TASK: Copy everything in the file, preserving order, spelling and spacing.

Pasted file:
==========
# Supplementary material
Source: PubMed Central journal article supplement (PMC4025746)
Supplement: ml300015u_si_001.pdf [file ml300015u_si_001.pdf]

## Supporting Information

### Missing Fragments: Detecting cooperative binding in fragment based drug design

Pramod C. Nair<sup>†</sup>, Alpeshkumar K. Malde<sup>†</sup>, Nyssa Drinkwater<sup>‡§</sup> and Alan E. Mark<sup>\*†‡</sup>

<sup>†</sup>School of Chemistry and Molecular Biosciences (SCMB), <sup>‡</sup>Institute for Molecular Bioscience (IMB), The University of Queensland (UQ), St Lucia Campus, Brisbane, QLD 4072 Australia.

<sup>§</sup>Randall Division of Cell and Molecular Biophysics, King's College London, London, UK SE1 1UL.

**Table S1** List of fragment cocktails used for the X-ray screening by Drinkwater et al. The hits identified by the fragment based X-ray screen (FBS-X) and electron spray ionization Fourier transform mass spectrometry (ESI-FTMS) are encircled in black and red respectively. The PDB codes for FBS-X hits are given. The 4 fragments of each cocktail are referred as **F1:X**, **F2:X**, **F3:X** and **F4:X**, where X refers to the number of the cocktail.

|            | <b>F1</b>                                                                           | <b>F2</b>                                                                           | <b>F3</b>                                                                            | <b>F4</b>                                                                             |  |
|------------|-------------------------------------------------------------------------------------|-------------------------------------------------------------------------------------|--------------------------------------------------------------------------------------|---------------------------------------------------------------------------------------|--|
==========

# Supplementary material
Source: PubMed Central journal article supplement (PMC4025746)
Supplement: ml300015u_si_001.pdf [file ml300015u_si_001.pdf]

## Supporting Information

### Missing Fragments: Detecting cooperative binding in fragment based drug design

Pramod C. Nair<sup>†</sup>, Alpeshkumar K. Malde<sup>†</sup>, Nyssa Drinkwater<sup>‡§</sup> and Alan E. Mark<sup>\*†‡</sup>

<sup>†</sup>School of Chemistry and Molecular Biosciences (SCMB), <sup>‡</sup>Institute for Molecular Bioscience (IMB), The University of Queensland (UQ), St Lucia Campus, Brisbane, QLD 4072 Australia.

<sup>§</sup>Randall Division of Cell and Molecular Biophysics, King's College London, London, UK SE1 1UL.

**Table S1** List of fragment cocktails used for the X-ray screening by Drinkwater et al. The hits identified by the fragment based X-ray screen (FBS-X) and electron spray ionization Fourier transform mass spectrometry (ESI-FTMS) are encircled in black and red respectively. The PDB codes for FBS-X hits are given. The 4 fragments of each cocktail are referred as **F1:X**, **F2:X**, **F3:X** and **F4:X**, where X refers to the number of the cocktail.

|            | <b>F1</b>                                                                           | <b>F2</b>                                                                           | <b>F3</b>                                                                            | <b>F4</b>                                                                             |  |
|------------|-------------------------------------------------------------------------------------|-------------------------------------------------------------------------------------|--------------------------------------------------------------------------------------|---------------------------------------------------------------------------------------|--|